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French scientist fined for failure to disclose industry ties – Nature (Barbara Casassus | July 2017)0

Posted by Admin in on August 6, 2017
 

Pulmonologist Michel Aubier has been found guilty of misleading France’s Senate during an inquiry on air pollution.

This international news story is another ‘good’ example of the perils and community reaction when a researcher fails to disclose a conflict of interest.

In an unprecedented court case in Paris, an eminent French lung specialist has been fined €50,000 (US$57,000) and given a six-month suspended prison sentence because he did not disclose his ties to the oil industry during a Senate air-pollution inquiry.
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The case is the first time that the French Senate has pressed criminal charges over false testimony. “It is an extremely important decision,” the Senate’s lawyer, Emmanuel Marsigny, told reporters. “It underlines the importance of the Senate’s commissions of inquiry and the risk of false declarations.” French researchers say that it also serves as a sharp reminder of the importance of disclosing all possible conflicts of interest when presenting evidence.
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Some scientists hate NIH’s new definition of a clinical trial. Here’s why – Nature (Jocelyn Kaiser | July 2017)0

Posted by Admin in on August 3, 2017
 

Nancy Kanwisher, a cognitive neuroscientist, has spent her career pinning down how the human brain responds to visual inputs such as faces. As part of that work, Kanwisher asks volunteers—usually college students at the Massachusetts Institute of Technology (MIT) in Cambridge, where she works—to lie in an MRI machine that records their brain activity while they do a task, such as viewing a photo. Although such studies reveal information that can be relevant to diseases, and disorders such as autism, they do not test treatments.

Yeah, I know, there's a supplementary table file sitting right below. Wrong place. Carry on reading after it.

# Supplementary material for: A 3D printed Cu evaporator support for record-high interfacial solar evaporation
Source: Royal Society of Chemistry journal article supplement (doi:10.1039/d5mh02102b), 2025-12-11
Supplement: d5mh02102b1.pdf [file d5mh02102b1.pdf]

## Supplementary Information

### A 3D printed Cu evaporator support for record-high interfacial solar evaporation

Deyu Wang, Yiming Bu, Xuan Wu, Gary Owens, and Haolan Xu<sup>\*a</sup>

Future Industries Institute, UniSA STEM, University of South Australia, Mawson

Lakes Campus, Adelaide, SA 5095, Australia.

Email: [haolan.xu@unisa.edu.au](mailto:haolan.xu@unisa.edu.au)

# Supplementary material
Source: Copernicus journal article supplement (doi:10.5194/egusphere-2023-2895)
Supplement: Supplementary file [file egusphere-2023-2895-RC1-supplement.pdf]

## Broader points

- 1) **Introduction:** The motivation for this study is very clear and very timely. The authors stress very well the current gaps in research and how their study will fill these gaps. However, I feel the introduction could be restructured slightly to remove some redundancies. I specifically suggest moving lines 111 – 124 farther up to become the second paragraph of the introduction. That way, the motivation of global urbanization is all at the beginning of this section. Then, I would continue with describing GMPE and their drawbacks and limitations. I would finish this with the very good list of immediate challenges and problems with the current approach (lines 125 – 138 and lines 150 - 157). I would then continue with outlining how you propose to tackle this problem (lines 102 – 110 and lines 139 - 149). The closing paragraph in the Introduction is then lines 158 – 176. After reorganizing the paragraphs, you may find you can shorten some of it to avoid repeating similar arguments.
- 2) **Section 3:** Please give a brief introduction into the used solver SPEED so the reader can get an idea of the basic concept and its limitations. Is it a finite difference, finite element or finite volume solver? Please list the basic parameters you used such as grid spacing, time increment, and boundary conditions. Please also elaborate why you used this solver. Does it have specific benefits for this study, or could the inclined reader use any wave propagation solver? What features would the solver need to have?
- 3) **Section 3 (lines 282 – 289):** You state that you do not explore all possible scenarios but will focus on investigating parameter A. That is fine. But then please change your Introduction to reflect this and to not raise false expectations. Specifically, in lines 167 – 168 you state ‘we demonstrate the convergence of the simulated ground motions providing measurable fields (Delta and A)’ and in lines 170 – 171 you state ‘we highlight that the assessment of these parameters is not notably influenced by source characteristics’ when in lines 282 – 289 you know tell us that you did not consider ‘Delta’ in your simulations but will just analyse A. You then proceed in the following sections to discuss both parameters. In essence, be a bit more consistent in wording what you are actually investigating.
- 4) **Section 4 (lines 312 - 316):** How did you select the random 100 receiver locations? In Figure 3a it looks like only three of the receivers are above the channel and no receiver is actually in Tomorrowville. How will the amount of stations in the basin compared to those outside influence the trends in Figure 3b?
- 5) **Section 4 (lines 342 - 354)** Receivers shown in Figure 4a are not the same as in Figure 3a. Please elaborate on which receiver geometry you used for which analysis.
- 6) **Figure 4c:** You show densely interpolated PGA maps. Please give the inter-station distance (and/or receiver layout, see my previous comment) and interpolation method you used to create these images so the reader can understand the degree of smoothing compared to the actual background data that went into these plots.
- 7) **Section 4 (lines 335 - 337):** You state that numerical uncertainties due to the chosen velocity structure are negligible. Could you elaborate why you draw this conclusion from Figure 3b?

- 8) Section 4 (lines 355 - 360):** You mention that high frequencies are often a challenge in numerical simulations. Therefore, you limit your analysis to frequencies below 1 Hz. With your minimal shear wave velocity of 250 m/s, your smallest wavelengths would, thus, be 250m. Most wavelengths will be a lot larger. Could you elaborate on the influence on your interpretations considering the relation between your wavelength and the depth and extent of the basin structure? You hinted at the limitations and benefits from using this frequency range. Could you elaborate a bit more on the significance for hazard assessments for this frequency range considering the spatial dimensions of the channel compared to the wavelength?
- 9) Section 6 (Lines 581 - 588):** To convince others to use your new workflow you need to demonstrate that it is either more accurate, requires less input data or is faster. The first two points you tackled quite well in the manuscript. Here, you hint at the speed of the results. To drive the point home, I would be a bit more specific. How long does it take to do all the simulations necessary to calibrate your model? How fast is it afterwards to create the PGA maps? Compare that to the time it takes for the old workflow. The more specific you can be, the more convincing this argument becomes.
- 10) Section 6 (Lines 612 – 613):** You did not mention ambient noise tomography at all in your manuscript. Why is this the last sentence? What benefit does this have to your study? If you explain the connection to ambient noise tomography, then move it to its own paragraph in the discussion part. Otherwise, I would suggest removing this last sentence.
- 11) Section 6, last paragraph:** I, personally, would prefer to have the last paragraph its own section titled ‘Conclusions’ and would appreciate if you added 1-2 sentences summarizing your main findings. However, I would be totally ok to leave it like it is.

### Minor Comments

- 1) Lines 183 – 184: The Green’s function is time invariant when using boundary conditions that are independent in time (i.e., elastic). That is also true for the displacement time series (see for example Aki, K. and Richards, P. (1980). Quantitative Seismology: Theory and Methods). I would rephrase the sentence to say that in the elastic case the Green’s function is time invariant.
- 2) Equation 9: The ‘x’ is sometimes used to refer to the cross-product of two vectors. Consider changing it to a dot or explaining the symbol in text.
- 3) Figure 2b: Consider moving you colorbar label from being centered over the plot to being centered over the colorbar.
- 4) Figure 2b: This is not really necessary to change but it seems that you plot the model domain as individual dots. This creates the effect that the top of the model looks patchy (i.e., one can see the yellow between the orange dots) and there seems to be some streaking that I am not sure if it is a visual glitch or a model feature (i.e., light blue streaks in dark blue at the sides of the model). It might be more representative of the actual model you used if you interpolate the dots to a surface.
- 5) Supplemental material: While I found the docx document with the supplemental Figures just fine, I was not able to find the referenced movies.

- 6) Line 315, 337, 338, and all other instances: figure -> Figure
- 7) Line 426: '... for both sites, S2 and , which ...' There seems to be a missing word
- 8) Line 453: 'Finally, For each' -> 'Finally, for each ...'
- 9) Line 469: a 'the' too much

But a few weeks ago, Kanwisher and colleagues in related behavioral research fields—from cognitive psychology to vision science—were dismayed to learn that the U.S. National Institutes of Health (NIH) in Bethesda, Maryland, could soon deem their studies to be clinical trials. That designation would impose a raft of new requirements on studies that have already passed ethics review, such as following different standards for funding applications, and reporting results on clinicaltrials.gov, a public database.

NIH officials say they simply want to ensure that all clinical trials—including those testing drugs, medical devices, and behavioral interventions—meet recently bolstered standards for rigor and transparency. But Kanwisher and others say that the agency’s widening definition of clinical trials could sweep up a broad array of basic science studies, resulting in wasted resources and public confusion. “The massive amount of dysfunction and paperwork that will result from this decision boggles the mind” and will hobble basic research, Kanwisher says. To prevent that outcome, she and dozens of other researchers, along with several scientific societies, have flooded NIH with letters and emails expressing concern about the policy, which the agency announced last September but is only now implementing.

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Work by group at Australian university faces scrutiny – Retraction Watch (Victoria Stern | July 2017)0

Posted by Admin in on July 24, 2017
 

A journal is investigating research by a group in Australia, after receiving “serious allegations” regarding a 2017 paper about treating eye burns.